Privacy concerns keep most patients from signing up to electronically share their medical records with health care providers, but education could make the difference, a new study suggests.
“Physicians need to know how important their relationships are with the people who come to them for care…”
The study found that while patient education has typically focused on the benefits of electronic records, privacy may be a more important concern.
“When a patient decides not to share their records electronically, it can result in increased costs, medical errors, and undesired health outcomes,” says study coauthor Lawrence Sanders, professor of management science and systems in the University at Buffalo’s School of Management.
“But patients are more concerned about privacy, and health care providers should make it a priority to let them know about all the policies and security measures in place to protect them.”
By making patients more aware of existing privacy policies and security measures in place, health care providers create an environment where patients are more likely to share their personal health information, and therefore still able to achieve cost and error reduction benefits, the researchers say.
The authors analyzed results of a nationwide health survey with more than 1,600 participants, which included questions about health conditions and lifestyles, intention to share personal health information, and more. Beyond patient education, they found that educating health care providers is just as important.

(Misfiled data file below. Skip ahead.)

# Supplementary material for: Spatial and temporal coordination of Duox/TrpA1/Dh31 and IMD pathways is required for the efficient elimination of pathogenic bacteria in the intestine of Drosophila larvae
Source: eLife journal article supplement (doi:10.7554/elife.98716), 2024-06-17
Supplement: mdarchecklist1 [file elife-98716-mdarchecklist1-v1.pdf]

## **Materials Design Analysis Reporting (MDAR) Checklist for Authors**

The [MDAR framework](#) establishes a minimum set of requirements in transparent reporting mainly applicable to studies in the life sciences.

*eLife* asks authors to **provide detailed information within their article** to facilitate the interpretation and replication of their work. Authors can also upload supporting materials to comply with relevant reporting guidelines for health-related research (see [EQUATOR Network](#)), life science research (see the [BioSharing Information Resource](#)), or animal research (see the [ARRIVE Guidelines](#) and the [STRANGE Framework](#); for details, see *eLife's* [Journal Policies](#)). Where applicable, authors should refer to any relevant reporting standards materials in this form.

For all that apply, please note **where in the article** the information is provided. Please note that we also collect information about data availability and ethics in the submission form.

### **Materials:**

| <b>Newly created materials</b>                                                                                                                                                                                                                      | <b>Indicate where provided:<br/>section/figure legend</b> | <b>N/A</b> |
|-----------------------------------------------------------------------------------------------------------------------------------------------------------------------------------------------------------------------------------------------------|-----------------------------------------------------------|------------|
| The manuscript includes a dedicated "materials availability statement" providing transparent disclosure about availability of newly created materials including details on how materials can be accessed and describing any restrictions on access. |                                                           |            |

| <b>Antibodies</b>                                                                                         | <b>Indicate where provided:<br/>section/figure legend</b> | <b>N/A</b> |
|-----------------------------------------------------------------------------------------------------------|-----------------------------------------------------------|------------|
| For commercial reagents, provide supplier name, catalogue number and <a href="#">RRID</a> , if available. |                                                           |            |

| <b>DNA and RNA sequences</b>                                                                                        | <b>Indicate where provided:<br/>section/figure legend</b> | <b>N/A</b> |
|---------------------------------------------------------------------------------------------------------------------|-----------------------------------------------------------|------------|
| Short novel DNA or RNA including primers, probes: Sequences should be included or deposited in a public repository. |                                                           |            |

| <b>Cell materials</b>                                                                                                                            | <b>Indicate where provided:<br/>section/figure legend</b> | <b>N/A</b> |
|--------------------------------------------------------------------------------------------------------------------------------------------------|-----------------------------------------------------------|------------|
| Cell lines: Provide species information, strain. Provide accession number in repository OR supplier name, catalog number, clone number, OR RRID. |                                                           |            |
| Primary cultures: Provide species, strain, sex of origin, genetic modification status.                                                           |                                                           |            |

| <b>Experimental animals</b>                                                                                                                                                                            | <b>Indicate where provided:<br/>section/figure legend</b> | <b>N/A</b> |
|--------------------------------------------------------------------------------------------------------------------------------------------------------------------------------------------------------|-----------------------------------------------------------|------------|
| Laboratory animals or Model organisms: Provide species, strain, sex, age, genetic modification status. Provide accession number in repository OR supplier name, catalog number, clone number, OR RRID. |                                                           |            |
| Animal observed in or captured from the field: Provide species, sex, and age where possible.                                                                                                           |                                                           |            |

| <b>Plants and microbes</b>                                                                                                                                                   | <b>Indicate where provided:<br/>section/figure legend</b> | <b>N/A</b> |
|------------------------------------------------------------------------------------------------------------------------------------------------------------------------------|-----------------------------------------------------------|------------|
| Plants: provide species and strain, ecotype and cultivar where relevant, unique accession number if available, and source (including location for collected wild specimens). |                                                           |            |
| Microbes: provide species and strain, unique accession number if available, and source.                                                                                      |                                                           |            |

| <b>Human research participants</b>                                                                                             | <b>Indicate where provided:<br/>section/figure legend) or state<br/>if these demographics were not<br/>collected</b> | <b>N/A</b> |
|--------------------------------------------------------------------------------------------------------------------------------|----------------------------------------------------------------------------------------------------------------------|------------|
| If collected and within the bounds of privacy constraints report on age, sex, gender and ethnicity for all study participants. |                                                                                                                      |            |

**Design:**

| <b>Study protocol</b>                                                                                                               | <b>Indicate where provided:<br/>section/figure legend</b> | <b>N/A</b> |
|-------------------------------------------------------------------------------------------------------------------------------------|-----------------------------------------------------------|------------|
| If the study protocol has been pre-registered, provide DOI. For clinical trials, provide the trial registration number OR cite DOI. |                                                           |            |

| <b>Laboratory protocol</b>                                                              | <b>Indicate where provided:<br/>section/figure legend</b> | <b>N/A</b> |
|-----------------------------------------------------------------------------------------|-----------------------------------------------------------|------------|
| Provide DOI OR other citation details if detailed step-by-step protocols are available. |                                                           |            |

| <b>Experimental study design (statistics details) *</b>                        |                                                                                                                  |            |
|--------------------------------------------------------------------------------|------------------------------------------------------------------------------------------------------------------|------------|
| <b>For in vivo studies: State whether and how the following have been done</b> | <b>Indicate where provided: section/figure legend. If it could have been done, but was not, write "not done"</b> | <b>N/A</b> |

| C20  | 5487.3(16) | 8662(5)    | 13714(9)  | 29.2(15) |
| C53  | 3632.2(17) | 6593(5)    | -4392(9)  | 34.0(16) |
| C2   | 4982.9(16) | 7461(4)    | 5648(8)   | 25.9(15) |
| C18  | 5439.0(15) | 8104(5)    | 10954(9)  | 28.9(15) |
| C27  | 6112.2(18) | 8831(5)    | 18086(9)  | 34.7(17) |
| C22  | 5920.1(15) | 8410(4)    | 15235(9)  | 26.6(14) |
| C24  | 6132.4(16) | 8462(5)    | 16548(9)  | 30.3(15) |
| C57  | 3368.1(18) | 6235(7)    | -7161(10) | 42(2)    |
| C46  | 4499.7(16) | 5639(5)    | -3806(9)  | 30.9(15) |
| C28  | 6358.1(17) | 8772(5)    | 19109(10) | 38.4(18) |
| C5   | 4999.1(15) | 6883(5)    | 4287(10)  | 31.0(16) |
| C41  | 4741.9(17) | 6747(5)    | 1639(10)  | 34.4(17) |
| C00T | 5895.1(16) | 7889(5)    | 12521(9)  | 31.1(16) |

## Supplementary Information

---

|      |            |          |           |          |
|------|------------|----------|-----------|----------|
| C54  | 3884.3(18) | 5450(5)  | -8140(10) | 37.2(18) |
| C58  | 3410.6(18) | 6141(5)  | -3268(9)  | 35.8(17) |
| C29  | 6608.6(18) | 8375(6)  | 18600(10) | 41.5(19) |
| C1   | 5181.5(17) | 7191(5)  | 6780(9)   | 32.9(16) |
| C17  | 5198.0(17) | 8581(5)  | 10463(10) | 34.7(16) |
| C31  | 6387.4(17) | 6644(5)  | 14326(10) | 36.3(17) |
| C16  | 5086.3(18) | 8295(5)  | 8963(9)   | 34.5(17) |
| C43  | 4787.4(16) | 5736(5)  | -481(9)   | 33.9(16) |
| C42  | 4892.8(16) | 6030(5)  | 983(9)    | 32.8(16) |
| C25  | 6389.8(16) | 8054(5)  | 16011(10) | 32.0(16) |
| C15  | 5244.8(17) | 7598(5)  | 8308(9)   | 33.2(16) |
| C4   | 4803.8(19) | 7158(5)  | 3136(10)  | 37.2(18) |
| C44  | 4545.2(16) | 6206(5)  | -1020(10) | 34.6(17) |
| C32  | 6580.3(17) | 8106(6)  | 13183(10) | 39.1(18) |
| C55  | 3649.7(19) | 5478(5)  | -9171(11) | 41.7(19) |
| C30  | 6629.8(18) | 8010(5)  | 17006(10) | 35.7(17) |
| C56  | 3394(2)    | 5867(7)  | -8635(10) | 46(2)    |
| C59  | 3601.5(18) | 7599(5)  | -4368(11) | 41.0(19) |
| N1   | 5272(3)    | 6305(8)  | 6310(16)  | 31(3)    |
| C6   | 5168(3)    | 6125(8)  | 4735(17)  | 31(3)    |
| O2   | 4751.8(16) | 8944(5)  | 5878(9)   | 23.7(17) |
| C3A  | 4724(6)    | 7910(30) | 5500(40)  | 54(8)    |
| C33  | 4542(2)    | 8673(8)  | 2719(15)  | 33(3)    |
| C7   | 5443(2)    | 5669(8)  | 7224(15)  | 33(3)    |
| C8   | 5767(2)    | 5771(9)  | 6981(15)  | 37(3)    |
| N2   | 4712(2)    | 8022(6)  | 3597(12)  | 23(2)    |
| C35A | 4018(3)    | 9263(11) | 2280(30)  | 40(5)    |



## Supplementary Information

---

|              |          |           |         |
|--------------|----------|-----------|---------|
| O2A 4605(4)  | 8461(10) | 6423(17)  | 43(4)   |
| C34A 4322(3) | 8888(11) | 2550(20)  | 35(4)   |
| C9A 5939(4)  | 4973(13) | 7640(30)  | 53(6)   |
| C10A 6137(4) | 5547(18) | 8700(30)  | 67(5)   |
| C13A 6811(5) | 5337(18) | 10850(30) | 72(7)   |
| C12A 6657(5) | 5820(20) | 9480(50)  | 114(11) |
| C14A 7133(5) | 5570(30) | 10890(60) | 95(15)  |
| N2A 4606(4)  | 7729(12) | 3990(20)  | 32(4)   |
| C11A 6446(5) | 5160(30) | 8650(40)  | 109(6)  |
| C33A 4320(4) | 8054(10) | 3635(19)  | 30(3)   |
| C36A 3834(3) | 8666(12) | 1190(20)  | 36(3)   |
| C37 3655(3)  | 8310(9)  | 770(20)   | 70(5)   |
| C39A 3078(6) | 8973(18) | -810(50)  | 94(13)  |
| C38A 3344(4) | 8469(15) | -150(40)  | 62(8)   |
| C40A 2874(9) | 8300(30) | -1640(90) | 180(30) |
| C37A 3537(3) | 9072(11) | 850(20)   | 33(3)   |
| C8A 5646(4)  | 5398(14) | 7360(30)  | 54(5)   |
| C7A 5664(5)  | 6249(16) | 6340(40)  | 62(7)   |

“Physicians need to know how important their relationships are with the people who come to them for care,” says Joana Gaia, clinical assistant professor of management science and systems.
“As doctors spend more time with patients and involve them in decision-making processes, they will be more willing to share their medical records electronically—and see the benefits of doing so.”
The researchers report their findings in the Journal of Medical Internet Research.
Sanders and Gaia collaborated on the study with Mohamed Abdelhamid, assistant professor of information systems at the College of Business Administration at California State University, Long Beach. Gaia and Abdelhamid are the lead authors.
Source: University at Buffalo